Emmanuel Macron's problems are not just domestic.
Le Figaro's main story assures us that the French president's European project is also taking a bashing.
Macron is due to address the European parliament in Strasbourg today.
The French leader is expected to remind the European politicians of their responsibilities, their committments, their pride. Macron is likely to be warmly welcomed as the new face of Europe - young, energetic and modern.
But he will have to do more than smile and make comforting noises. Le Figaro reminds us that Italy, Hungary and Austria have all seen electoral surges by the forces of the far right and that there are now two competing visions of Europe, that of Macron and that embodied by the newly reelected Hungarian Prime Minister, Viktor Orban.
Macron, who marched into the top French job to the strains of Beethoven's Ode to Joy, the European anthem, just 11 months ago will address a parliament which represents those who are satisfied with the progress of the European experiment and those who are turning away from that project to their own local forms of extremism.
Le Figaro also points to differences between Paris and the Germany of Angela Merkel. The chancellor's conservative-social democratic coalition is firmly opposed to Macron's efforts to reform the European currency zone. The Germans are notably opposed to giving the euro the political and administrative muscle which Macron believes is essential if the continental currency is to be taken seriously.
The Financial Times in London says Macron's closest European ally is now the United Kingdom. They're being ironic, of course, since the UK is on the way out of Europe.
Macron, says Le Figaro, will arrive in Strasbourg this morning with his hands empty.
Liberty, Equality, Generosity
Libération continues the debate on what the left-leaning daily calls "the restrictive" reforms of the law on asylum and immigration, to be presented in the French parliament this week.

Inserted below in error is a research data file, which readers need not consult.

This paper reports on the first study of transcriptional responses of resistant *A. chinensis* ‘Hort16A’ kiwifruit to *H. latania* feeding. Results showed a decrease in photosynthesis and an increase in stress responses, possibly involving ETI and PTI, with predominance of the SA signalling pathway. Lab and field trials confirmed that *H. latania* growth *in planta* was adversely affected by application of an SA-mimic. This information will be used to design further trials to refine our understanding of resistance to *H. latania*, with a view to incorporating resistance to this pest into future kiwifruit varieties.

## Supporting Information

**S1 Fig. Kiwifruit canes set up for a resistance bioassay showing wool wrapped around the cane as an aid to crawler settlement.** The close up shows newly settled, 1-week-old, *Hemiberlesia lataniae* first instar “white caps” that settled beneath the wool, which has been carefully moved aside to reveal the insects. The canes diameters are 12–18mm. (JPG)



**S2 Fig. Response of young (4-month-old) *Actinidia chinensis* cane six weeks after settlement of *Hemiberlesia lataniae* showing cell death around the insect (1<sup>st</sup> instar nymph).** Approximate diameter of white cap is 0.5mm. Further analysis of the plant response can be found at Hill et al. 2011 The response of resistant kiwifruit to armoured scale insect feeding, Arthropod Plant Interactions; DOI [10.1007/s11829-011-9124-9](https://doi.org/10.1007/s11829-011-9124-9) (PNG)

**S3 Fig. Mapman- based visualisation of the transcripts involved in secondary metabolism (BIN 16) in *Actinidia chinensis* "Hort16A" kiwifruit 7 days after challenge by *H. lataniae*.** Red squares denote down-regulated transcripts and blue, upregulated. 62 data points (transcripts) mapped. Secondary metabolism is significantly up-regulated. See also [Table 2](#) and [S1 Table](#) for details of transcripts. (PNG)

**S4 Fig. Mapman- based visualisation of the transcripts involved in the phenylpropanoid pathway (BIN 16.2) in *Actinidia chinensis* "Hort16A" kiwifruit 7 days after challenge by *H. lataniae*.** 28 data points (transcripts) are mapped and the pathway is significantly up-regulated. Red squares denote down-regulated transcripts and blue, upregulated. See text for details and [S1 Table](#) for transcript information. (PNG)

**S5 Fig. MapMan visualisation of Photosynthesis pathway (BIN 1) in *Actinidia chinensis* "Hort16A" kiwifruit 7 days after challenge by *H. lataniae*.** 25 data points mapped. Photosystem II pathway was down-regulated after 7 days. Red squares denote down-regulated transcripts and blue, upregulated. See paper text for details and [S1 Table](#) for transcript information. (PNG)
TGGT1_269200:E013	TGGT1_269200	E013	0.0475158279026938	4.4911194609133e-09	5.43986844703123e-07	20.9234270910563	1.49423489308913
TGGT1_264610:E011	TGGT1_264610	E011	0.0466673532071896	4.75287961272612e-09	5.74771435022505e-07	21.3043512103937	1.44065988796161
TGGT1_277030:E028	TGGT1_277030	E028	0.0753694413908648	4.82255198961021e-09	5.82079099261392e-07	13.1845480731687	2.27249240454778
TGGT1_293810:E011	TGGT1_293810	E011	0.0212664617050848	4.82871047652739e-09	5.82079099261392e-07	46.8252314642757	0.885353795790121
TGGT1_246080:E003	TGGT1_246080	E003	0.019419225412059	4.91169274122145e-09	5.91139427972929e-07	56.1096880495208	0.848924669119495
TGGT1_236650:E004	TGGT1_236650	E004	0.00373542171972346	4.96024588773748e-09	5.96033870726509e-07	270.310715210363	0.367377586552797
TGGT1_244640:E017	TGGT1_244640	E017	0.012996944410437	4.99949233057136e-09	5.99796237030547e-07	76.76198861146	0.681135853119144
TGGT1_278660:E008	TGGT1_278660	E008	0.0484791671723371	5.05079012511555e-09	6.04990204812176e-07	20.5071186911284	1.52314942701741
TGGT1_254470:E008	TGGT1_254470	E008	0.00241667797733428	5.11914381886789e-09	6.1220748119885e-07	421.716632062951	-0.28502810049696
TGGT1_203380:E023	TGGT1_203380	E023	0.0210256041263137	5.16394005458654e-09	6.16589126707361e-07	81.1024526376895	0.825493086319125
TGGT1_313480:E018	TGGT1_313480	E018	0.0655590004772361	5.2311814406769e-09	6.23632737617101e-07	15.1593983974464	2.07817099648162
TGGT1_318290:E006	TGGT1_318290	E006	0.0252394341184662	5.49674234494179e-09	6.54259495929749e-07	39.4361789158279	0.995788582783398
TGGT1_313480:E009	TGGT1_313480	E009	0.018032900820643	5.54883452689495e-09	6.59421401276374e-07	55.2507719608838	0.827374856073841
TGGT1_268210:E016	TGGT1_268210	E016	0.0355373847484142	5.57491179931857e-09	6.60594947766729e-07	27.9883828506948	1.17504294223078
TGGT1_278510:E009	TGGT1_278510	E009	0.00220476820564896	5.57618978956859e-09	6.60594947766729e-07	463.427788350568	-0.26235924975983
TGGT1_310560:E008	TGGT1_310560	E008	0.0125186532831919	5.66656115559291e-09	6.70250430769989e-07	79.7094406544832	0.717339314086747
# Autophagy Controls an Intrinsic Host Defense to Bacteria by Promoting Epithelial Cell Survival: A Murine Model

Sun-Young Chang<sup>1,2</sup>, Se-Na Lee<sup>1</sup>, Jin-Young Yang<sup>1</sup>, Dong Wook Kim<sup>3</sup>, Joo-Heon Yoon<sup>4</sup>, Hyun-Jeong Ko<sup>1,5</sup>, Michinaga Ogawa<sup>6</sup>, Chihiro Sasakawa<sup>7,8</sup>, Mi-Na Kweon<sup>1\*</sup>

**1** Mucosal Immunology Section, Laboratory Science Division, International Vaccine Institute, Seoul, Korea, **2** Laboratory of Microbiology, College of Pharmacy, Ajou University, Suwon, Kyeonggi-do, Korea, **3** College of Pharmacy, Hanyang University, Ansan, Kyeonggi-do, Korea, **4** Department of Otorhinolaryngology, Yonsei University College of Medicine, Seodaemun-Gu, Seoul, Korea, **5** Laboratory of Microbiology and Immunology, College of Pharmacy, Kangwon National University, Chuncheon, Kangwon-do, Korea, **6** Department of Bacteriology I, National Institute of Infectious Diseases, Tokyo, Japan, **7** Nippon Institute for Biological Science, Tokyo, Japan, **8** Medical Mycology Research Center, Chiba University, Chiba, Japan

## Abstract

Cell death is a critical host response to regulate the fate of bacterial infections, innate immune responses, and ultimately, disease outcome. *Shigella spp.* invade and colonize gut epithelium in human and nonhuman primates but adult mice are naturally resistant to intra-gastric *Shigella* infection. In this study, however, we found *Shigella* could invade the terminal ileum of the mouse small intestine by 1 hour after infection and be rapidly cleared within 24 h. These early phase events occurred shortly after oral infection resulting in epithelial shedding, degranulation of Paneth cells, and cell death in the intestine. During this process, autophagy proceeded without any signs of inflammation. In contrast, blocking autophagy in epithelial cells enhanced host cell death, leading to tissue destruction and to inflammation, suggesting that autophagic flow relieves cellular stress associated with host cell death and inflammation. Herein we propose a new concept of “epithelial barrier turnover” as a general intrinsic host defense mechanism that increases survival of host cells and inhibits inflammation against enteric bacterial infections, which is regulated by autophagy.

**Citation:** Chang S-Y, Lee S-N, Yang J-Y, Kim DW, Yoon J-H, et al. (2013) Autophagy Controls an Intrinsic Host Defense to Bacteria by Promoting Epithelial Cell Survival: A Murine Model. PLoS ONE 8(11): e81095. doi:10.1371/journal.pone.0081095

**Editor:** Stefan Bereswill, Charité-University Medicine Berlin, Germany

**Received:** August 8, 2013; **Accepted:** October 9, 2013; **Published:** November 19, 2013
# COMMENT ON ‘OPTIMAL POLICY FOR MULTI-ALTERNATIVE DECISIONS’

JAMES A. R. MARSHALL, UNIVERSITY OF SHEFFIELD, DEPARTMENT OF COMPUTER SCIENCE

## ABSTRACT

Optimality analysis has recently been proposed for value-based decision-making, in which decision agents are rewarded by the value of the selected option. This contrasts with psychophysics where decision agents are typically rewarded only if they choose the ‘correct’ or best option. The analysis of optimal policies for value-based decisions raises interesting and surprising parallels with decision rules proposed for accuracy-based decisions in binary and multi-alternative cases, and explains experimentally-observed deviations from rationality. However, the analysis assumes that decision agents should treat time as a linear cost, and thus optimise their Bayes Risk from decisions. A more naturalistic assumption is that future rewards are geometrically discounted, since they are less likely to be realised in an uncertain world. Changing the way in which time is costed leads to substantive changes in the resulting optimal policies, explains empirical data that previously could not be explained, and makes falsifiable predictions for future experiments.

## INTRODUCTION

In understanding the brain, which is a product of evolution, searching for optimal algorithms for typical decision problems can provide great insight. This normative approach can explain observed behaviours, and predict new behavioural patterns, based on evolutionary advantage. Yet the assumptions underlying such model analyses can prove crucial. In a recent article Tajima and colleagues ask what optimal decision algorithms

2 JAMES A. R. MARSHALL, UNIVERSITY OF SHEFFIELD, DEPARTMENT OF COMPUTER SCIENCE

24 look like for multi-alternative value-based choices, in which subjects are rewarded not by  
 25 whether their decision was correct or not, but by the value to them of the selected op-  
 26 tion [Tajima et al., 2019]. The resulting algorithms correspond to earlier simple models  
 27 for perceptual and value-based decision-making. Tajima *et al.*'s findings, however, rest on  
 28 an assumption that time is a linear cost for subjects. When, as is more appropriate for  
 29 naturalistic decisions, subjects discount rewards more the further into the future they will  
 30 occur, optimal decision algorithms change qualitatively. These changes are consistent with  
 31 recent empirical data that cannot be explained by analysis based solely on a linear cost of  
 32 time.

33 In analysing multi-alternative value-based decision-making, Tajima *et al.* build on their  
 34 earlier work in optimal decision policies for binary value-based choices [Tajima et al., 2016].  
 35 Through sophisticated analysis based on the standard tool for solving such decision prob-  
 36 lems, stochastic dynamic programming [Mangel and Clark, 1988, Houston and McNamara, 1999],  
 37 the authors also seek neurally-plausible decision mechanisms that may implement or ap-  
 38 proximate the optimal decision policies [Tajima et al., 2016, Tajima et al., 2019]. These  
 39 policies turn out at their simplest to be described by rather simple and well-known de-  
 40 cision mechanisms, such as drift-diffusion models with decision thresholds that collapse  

Libé's reports and editorial focus on the individual and community efforts which are being made across France by those who house or feed migrants, who help them with their French, with the complexities of the administration, who encourage them to train and play at the local football club.
Libération says this generous nation is unknown to far-right leader Marine Le Pen, Republican boss Laurent Wauquiez, even to Interior Minister, and promoter of the new immigration bill, Gérard Collomb. And Emmanuel Macron appears to have forgotten its existence.
The situation is not simple, the left-leaning paper admits, but it is not insoluble. The generosity of so many ordinary people suggests a better way forward than putting up ever more complicated legal barriers.
Lack of finance sees malaria make a comeback
Malaria is making a comeback!
Le Monde reports that, for the first time in a decade, the number of people contracting the disease increased in 2016. The World Health Organisation says not enough money is being invested to stop the scourge.
A child dies of malaria every two minutes, most of the victims in sub-Saharan Africa.
Progress was being made, but the effort appears to have run out of steam. In 2016, 216 million people suffered from malaria, five million more than the previous year, a return to the global level in 2012.
The WHO reckons that we need to spend five billion euros every year to win the battle against malaria. Last year the total spent amounted to barely two billion euros.
And in a different world completely . . .
Le Monde's economy pages report that the average bonus paid to financial staff working at the New York Stock Exchange on Wall Street last year was 150,000 euros. That's in addition to the average salary of 330,000 euros.
And the prospects for the current year are even better, suggesting bigger bonuses to come.
Companies like Goldman Sachs, Morgan Stanley and Citigroup, virtually wiped out by the last financial crisis, are back in full bloom.
But the glass is, sadly, half empty for the golden boys and girls. If you take inflation into account, the current average bonus falls 20 percent short of what was being paid in 2006.